We’re here to help curious Angelenos connect with others, discover the new, navigate the confusing, and even drive some change along the way.

More News

(After you stop hitting snooze)

  • L.A. County will extend COVID-19 eviction protectionsby one month. This comes amid a time when people are impacted by COVID-19, respiratory syncytial virus (RSV) and seasonal flu this winter. 
  • L.A. County Board of Supervisors approved a votefor the Probation Department to work on phasing out pepper spray in juvenile halls for the second time in nearly four years. My colleague Emily Elena Dugdale has been reporting on this case. Learn about how after the supervisors voted to ban pepper spray the first time, the situation grew more severe. 
  • L.A. County Board of Supervisors voted to supportMayor Karen Bass’ new homelessness programs for the city, even as other cities in L.A. County face  homelessness issues as well. 
  • Do you know how much money it would take for California to solve homelessness for good? The new California Homeless Housing Needs Assessment report has an answer: if the state could budget about $8 billion a year over the next 12 years towards building new homes and creating services, among other things, homelessness would be solved. 
  • My colleague John Horn wrote about how Harvey Weinstein’s lawyers used misogynistic and bullying tactics towards the women who testified against Weinstein. John said those tactics make it difficult for sexual assault survivors to speak out in the first place. 
  • Starting today, flavored tobacco products like vape pens, cartridges and menthol cigarettes are banned from stores and vending machines in California. People who were for the ban say it’s all to stop kids from nicotine addiction. 
  • Student attendance for optional catch-up days over winter break did not meet Los Angeles Unified School District officials’ expectations. Officials want to get students back on track after the height of the pandemic, but there are some issues that remain at the forefront. 
  • Orange County Board of Supervisors voted to deny a contractwith a community choice energy provider called O.C. Power Authority after worries over management. The cancellation of the contract could be costly. 
  • In Northern California, an earthquake killed at least two people, caused building destruction and left tens of thousands without electricity.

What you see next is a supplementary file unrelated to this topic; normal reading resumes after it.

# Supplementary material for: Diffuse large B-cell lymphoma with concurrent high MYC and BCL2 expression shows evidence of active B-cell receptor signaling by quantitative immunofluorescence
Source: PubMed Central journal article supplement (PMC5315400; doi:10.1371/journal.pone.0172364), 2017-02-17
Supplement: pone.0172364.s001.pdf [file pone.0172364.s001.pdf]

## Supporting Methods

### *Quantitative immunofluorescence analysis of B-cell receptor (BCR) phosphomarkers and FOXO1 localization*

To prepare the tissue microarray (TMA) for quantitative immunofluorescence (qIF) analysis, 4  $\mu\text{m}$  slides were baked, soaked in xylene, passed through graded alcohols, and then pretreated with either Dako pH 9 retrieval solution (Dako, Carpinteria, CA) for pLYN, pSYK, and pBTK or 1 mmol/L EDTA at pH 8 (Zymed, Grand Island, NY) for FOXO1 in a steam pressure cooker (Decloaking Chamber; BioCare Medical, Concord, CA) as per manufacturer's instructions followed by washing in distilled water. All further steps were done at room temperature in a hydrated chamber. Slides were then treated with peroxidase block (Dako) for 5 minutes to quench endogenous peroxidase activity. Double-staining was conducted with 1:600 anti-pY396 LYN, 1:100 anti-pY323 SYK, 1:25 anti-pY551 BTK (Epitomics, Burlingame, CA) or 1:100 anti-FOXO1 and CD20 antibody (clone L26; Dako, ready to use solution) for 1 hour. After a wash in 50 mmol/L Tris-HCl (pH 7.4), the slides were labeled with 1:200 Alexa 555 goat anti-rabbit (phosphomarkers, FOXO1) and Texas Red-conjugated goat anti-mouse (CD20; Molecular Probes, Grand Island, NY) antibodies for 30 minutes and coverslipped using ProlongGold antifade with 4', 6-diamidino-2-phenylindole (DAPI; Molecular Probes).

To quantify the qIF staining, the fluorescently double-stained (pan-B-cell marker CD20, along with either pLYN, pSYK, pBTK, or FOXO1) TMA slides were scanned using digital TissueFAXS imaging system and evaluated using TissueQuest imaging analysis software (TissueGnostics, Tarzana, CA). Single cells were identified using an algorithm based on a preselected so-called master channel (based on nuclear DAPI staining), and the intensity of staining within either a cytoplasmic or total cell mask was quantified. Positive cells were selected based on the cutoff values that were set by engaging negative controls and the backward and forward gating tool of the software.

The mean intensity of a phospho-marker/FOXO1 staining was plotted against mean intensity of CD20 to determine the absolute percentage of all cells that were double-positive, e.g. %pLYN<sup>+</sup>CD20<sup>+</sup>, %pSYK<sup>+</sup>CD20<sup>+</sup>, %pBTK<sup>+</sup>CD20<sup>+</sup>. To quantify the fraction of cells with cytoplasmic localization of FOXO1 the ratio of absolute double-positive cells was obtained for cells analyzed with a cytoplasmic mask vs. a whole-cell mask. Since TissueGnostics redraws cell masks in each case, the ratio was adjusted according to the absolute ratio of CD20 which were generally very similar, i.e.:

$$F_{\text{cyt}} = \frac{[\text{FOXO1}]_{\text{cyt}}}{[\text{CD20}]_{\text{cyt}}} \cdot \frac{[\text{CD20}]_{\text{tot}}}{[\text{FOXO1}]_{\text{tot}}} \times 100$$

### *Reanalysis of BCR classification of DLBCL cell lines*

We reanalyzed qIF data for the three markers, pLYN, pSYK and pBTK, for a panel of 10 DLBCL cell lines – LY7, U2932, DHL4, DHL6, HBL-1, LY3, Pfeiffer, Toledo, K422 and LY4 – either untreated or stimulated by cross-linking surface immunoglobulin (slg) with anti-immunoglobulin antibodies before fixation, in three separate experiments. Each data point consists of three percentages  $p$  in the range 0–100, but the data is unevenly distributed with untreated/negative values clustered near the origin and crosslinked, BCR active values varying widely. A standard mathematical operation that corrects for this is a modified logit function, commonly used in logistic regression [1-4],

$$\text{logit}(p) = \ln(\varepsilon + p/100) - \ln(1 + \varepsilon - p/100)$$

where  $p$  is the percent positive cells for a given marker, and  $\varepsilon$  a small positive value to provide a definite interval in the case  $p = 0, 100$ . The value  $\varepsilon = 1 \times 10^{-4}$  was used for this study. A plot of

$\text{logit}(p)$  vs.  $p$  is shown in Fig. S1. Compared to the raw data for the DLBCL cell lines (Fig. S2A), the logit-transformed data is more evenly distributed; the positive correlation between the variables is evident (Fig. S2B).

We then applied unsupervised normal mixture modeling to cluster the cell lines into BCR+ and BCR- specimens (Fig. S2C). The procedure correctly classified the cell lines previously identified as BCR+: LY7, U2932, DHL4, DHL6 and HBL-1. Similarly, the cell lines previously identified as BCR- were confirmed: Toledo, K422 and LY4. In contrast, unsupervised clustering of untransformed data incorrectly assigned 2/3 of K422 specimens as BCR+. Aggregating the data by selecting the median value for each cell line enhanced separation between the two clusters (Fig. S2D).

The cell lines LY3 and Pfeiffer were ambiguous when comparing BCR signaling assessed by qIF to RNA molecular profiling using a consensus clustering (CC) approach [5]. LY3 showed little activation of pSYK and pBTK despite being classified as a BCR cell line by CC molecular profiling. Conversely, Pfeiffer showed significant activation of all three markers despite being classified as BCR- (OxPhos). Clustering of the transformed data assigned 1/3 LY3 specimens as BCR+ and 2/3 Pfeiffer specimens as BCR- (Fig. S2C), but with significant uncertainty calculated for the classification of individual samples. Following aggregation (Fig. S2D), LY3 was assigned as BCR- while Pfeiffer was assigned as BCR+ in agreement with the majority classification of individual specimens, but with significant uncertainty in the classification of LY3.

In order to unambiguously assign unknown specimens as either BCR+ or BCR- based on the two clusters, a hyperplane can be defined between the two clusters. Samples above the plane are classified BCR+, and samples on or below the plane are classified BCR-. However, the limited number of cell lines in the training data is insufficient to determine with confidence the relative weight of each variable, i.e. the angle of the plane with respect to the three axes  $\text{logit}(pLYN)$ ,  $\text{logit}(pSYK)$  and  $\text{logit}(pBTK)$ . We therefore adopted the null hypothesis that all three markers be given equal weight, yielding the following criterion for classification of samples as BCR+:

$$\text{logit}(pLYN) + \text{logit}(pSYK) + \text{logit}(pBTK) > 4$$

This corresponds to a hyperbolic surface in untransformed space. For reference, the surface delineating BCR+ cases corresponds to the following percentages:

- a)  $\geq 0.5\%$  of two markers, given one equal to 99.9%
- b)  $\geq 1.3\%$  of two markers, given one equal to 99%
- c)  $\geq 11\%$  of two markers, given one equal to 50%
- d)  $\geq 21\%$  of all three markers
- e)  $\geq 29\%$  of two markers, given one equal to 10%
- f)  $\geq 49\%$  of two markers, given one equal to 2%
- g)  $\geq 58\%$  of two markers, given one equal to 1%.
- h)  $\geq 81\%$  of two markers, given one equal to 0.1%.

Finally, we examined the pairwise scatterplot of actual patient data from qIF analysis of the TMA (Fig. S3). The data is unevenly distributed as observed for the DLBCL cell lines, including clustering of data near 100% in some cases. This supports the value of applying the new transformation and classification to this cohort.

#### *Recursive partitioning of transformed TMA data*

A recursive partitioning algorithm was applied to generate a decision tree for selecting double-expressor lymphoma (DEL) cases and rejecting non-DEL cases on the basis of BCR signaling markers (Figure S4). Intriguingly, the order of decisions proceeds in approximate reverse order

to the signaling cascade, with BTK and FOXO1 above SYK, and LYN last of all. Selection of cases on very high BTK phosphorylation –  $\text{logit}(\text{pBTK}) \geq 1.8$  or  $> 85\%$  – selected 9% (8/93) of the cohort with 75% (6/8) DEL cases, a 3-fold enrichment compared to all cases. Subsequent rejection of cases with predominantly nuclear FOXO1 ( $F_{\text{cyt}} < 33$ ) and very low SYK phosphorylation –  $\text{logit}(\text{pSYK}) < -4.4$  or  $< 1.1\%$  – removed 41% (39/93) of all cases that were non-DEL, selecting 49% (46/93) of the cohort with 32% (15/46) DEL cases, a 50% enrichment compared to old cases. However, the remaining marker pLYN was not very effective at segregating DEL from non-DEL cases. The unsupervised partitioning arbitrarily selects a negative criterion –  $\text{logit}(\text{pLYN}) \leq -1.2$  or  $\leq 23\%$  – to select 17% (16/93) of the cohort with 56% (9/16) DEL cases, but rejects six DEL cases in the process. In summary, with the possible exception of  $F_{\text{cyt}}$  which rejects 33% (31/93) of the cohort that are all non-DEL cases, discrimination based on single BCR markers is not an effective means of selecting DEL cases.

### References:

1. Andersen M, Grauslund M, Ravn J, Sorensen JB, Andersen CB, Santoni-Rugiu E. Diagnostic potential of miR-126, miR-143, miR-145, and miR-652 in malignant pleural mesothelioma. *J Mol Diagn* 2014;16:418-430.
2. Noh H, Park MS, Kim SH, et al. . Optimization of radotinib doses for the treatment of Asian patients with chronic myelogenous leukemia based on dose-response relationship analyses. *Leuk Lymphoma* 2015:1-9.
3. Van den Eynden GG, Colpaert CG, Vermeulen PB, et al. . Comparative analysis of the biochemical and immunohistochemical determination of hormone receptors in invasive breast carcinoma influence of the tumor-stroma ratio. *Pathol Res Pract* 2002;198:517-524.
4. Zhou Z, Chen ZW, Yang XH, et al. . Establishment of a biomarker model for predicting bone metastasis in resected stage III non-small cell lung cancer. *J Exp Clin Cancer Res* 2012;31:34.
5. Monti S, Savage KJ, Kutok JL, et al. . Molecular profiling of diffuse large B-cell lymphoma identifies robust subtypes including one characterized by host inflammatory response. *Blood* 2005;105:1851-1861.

• A $24 billion budget deficit could be on the way for our state even if the U.S. did avoid a recession. Gov. Gavin Newsom and the legislature could face challenges ensuring a safety net if there will be a recession. 
  • The U.S.  Supreme Court just made an extension at the last minute for border restrictions. It’s a win for Republican attorneys general who were for the restrictions, but a loss for those who advocate for immigrants. 
  • The FTC says some Fortnite game players were tricked into making unwanted charges. Epic Games will refund $245 million to some Fortnite users.
  • The Drug Enforcement Administration said it confiscated more than 379 million potentially fatal doses of fentanyl. The opioid continues to lead fatal overdoses across the country.
  • *At LAist we will always bring you the news freely, but occasionally we do include links to other publications that may be behind a paywall. Thank you for understanding! 

Wait... One More Thing

Let's Go To The Supermarkets...That Don't Exist Anymore

Three people with light-tone skin lean over a counter in a black and white image
January 29, 1959: "Market workers dust off equipment and check price lists at Ralphs Market in North Hollywood as 28-day food market dispute ends with tentative agreement on new five-year contract between Retail Clerks Union and owners of 1,000 supermarkets. Stores will open tomorrow. From left are Robert Hagstrom, manager; Ralph Edwards, butcher and Mrs. R. H. Hagstrom, clerk."
(Valley Times Collection
/
Los Angeles Public Library Collection)

Alrighty, everyone! It's my favorite time of the week again… and I need to go to the store. No, seriously. I’m about to head to Trader Joe’s in about 5 minutes. Oh? You want to go shopping with me? I have a better idea. Hop in my yellow DeLorean lowrider coupe so we can take a trip down memory lane… to some supermarkets of yesteryear. 

Before all of these big corporations took over supermarket chains, L.A. was filled with cute, local grocery stores. Some of these places had really humble beginnings like Crawford’s and The Boys (both involve selling fruit).

Let’s go all the way back in time to the 1920s to Alexanders. It was one of the first supermarkets in Southern Cali. We’ll notice the store by its famous big, lowercase “A” in the building. Next, we’ll stop by Alpha Beta which conveniently keeps their items stocked in alphabetical order. It’s the early 20th century. Who knew that we would already be checking out our own groceries at this time?

Check out Jim Thurman’s story for more supermarkets that we need to visit before we go back to the present day. Also, once we do go back into the tail end of 2022, I challenge you to ask your older Angeleno relatives about these places!